More fissures erupt in Leilani Estates; large quakes rattle residents

  • A fissure erupts Friday morning at Leilani Avenue and Kaupiili Street. Courtesy of USGS.

Kilauea volcano erupted new fissures Friday inside Leilani Estates and produced the largest earthquake in Hawaii since 1975, causing residents across the island to take cover.

Six fissures had opened by late Friday. Two homes have been confirmed destroyed, and hundreds of residents have been displaced.


The magnitude-6.9 quake occurred on the volcano’s south flank and was one of several large temblors Friday that shook buildings and rattled nerves.

Some businesses and schools closed for the day, and 14,000 Hawaii Electric Light Co. customers lost power for a few hours in East Hawaii. Landslides also were reported along the Hamakua Coast.

Hawaii Volcanoes National Park closed due to damage from the quake. About 2,600 visitors were evacuated.

The eruption started Thursday inside Leilani Estates on Kilauea’s lower East Rift Zone. It followed several days of heightened seismic activity and the collapse of Pu‘u ‘Oo’s cone on Monday. Another ash plume was seen over the cone following the strong quakes Friday.

In Leilani, fissures have been erupting one after another, but not all have been active at the same time. Lava flows have so far remained near the vents, but geologists warn that can quickly change.

Each vent is located around the lower end of the subdivision, which is under a mandatory evacuation since Thursday.

Janet Snyder, spokeswoman for the Mayor’s Office, said a command post at the intersection of Pohoiki Road and Leilani Avenue was relocated to the Pahoa Fire Station.

Snyder said the county also was trying to get the remaining residents in Lanipuna to leave. Shelters are open at the Pahoa and Keaau community centers.

In response to the activity, the county closed Highway 132 from Highway 137 to Kaululaau Road, police said.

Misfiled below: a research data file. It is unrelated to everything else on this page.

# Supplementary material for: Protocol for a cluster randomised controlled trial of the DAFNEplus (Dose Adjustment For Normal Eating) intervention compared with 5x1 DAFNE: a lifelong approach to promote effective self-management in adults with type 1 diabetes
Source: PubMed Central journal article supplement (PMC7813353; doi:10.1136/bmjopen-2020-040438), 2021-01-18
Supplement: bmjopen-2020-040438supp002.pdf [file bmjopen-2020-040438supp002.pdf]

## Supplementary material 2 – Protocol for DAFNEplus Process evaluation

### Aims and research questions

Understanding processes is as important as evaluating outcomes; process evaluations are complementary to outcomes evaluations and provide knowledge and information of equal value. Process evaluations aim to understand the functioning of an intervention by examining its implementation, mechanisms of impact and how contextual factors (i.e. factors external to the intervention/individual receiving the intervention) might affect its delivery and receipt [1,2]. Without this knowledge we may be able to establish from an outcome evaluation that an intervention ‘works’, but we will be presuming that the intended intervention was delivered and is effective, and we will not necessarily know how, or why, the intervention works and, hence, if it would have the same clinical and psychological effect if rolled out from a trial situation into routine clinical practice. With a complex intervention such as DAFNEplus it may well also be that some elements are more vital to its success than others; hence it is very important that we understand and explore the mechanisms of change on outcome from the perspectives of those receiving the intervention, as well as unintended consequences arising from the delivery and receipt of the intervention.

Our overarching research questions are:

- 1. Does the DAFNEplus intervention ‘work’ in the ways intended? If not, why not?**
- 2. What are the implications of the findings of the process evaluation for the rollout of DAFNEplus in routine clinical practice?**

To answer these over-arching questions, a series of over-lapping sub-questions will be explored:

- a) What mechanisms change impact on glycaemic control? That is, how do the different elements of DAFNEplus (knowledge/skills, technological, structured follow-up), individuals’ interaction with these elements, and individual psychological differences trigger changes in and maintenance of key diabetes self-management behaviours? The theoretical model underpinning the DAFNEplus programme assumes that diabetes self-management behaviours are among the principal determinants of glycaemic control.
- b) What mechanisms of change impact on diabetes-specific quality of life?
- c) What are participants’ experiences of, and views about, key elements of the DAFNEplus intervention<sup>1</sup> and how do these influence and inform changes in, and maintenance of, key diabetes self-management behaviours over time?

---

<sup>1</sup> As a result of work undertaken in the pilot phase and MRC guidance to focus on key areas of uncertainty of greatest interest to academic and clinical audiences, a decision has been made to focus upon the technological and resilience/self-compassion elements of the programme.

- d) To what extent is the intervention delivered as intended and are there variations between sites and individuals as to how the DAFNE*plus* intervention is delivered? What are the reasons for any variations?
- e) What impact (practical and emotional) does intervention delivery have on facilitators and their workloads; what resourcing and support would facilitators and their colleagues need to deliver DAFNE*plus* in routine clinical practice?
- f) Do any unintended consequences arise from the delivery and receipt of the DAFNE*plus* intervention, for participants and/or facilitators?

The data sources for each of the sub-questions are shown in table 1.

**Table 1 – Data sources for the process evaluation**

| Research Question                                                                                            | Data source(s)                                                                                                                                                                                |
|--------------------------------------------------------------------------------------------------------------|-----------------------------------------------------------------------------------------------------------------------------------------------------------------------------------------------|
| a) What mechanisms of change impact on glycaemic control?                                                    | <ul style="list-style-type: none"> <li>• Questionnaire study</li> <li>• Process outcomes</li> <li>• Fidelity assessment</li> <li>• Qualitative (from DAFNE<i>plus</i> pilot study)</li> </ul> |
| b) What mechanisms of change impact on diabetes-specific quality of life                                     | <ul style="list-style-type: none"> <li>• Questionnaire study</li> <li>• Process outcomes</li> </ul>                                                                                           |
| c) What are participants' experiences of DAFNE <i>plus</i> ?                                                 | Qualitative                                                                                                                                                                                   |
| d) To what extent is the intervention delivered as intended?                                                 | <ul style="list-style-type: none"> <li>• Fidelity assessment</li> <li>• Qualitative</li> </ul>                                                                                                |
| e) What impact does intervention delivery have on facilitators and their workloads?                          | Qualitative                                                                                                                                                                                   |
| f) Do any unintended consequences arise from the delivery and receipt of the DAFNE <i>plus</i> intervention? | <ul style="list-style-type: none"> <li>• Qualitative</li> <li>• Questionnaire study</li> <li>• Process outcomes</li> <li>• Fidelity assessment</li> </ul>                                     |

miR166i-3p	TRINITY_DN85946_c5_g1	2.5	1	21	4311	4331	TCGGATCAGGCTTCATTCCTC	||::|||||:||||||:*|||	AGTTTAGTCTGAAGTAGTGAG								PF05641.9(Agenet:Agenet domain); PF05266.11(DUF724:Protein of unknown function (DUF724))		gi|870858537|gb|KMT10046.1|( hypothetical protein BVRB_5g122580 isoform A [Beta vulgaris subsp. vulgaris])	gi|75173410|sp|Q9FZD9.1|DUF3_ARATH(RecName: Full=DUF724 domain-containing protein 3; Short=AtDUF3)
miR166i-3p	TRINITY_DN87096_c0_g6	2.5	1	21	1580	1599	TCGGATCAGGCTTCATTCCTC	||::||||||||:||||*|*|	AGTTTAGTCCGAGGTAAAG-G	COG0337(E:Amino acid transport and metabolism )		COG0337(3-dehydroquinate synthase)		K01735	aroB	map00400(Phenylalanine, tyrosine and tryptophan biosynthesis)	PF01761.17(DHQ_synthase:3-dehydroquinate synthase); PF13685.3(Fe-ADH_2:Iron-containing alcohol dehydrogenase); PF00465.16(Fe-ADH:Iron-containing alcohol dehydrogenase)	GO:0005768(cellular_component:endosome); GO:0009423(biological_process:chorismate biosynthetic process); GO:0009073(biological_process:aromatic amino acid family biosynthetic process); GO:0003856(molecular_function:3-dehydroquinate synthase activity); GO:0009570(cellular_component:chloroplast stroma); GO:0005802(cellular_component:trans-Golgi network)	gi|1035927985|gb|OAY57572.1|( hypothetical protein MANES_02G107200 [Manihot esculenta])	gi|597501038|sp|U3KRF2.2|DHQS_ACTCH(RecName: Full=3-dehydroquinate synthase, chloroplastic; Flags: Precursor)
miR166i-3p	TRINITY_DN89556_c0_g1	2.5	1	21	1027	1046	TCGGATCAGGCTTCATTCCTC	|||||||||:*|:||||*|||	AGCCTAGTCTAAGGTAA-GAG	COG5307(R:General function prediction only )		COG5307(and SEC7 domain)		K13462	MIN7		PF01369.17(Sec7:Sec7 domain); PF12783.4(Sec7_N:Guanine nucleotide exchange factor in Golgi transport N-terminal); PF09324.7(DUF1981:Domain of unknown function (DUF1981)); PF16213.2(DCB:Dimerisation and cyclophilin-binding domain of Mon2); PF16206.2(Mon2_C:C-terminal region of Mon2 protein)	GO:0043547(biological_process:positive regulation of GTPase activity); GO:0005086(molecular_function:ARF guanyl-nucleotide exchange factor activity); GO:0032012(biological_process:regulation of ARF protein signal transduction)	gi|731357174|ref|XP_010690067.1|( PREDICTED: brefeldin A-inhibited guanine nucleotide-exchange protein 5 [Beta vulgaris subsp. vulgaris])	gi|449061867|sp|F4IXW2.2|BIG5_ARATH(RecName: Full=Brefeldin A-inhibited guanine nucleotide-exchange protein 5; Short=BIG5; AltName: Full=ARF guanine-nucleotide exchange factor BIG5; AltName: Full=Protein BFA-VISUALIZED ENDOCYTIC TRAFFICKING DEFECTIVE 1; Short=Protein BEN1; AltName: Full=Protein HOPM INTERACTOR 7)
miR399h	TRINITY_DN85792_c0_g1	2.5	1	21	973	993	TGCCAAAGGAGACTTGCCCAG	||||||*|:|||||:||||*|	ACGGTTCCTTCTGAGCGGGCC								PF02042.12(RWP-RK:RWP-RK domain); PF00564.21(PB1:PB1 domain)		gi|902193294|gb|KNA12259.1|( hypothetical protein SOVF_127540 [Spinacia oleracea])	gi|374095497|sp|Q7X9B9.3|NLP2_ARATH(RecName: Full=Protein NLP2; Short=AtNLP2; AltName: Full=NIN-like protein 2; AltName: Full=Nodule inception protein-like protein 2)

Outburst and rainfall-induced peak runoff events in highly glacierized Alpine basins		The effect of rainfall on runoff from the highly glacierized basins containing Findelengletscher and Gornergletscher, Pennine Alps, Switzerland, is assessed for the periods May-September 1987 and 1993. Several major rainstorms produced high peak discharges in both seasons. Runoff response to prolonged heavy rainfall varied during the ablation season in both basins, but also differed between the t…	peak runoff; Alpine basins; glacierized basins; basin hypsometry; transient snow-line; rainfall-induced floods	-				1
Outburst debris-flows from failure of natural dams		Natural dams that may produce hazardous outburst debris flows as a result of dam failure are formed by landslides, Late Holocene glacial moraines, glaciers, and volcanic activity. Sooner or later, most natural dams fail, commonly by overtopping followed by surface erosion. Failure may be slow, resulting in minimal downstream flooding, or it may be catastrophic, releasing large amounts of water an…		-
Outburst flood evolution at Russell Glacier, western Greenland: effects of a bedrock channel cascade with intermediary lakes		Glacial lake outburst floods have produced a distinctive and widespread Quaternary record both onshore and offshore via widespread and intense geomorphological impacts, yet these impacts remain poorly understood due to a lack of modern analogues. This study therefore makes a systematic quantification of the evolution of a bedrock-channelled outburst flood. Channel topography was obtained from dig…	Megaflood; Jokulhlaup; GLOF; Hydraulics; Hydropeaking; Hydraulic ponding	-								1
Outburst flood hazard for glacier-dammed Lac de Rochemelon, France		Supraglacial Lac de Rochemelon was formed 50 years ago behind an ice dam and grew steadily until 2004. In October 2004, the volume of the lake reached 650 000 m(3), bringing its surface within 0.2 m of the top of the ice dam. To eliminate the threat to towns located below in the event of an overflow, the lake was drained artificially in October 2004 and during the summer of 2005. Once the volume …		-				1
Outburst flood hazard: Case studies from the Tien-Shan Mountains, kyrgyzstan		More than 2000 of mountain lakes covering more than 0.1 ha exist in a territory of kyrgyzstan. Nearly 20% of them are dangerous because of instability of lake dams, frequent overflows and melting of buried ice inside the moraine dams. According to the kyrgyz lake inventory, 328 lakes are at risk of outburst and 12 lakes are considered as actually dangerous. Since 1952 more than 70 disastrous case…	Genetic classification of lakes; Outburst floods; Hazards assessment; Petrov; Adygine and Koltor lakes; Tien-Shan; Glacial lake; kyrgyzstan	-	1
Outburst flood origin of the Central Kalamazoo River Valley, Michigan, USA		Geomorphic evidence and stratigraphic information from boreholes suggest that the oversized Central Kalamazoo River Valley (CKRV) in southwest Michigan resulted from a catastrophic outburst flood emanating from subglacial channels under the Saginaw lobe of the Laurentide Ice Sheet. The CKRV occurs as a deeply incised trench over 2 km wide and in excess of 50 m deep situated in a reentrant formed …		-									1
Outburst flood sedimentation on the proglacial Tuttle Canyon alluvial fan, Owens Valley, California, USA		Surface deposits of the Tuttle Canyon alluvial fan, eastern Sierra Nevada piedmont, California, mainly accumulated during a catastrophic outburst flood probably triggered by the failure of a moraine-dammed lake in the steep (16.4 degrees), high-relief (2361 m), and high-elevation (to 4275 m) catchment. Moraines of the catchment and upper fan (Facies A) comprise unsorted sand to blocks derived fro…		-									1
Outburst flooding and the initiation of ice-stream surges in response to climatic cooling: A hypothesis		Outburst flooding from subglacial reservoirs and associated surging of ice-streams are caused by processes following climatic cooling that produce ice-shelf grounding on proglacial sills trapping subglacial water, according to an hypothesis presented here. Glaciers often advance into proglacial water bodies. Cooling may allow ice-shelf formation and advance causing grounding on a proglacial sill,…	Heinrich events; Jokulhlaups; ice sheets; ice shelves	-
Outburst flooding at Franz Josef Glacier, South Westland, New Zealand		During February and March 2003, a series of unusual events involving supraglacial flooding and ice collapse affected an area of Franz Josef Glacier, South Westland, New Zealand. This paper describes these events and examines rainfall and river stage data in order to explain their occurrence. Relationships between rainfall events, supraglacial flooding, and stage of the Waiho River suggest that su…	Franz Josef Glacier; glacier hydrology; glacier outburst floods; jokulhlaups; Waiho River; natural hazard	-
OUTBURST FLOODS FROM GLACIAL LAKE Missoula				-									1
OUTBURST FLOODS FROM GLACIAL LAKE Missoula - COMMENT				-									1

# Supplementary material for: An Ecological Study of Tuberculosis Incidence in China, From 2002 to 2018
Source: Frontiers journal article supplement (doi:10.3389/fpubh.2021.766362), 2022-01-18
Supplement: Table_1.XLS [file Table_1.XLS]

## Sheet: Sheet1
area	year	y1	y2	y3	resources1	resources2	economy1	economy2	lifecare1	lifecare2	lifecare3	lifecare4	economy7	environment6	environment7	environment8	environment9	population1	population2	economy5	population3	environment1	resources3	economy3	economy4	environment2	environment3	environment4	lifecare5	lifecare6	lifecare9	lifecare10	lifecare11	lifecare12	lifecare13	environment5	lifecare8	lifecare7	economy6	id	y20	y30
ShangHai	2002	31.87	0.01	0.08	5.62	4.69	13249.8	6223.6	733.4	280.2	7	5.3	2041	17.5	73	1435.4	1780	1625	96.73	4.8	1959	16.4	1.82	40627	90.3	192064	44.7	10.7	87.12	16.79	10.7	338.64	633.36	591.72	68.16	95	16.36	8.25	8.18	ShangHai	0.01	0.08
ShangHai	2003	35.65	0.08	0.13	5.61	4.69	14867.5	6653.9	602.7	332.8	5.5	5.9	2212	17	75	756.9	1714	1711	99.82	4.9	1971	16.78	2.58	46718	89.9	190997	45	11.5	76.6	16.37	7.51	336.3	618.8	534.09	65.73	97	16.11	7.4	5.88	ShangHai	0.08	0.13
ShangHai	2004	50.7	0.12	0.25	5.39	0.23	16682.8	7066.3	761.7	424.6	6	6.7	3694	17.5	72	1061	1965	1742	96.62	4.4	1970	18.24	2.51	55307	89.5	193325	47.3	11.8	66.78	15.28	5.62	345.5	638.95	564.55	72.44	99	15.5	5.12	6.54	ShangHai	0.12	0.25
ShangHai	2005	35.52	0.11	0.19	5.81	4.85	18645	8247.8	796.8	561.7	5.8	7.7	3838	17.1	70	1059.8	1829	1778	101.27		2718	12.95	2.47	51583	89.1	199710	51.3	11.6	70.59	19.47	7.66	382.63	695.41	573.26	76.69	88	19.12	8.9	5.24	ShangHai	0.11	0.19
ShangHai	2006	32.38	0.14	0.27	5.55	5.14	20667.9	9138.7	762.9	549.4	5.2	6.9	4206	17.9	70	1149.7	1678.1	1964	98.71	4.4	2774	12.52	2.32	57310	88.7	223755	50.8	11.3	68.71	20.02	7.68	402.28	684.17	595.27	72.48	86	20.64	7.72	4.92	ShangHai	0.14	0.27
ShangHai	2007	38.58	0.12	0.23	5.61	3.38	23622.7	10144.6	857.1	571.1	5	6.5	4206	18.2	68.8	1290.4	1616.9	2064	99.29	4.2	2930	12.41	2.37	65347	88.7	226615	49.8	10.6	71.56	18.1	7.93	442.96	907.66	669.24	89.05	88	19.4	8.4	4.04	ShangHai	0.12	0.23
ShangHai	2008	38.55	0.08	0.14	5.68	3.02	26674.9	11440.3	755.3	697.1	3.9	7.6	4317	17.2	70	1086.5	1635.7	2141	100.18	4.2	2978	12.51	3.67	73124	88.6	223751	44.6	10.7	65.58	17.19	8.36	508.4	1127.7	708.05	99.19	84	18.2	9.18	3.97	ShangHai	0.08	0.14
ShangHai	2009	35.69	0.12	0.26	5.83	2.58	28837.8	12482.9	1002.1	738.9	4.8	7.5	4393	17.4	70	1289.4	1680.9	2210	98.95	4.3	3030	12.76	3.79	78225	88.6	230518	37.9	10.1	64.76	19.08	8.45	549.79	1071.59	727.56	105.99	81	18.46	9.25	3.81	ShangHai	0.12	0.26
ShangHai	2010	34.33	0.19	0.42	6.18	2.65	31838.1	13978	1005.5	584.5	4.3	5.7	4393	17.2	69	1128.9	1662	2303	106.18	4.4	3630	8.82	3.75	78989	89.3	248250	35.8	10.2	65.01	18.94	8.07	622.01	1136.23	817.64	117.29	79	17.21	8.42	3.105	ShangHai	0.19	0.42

The county also issued an emergency water restriction for most of lower Puna. A county water line runs under Pohoiki Road.

That area is near the Puna Geothermal Venture power plant, which has been closed and secured, according to the county.

Highway 130 also is closed past Leilani due to hazardous gas emissions from the vents.

The U.S. Census Bureau estimates about 1,600 people live in Leilani.

Gas emissions remain hazardous in Leilani. However, county staff said not everyone has left.

No injuries had been reported by Friday evening, though Civil Defense Administrator Talmadge Magno said one person may have suffered cardiac arrest as a result of the event.

While county staff say there is a strict no-entry policy, Mayor Harry Kim said the county will try to accommodate people who want to return to their homes if it becomes safe.

“All of us have got to remember this is a tragedy on them, and we have to work with them on how to minimize it as best as possible,” he said.

Nine quakes of magnitude 4 or higher occurred near Kilauea’s East Rift Zone by Friday evening. Three were at least magnitude 5.

Michael Dewey, Suisan Fish Market manager, said the Hilo retail market closed for the day due to tsunami fears. He estimated the water level there receded four to five feet.

“Watching the water recede was concerning, and the decision was made by our safety manager to evacuate the market,” he said. “The 6.9 was pretty intense.”

A voluntary evacuation occurred at Valhalla and Riverside apartments in Hilo following the quakes, Snyder said.

No tsunami was generated, though Civil Defense said small sea level changes were detected of 20 centimeters in Hilo, 40 centimeters in Kapoho, and 15 centimeters in Honuapo.

The 6.9 quake occurred at about the same location as a magnitude-7.2 temblor in 1975 that created a tsunami and killed two people.

Janet Babb, Hawaiian Volcano Observatory spokeswoman, said the quake was produced as a result of magma causing stress on the flank. Additional strong aftershocks are possible.

Babb said HVO geologists are taking samples of the lava in Leilani that could tell them more about this eruption.


“The bottom line is the eruption is very dynamic,” she said. “There still can be changes. This is not over.”

Email Tom Callis at

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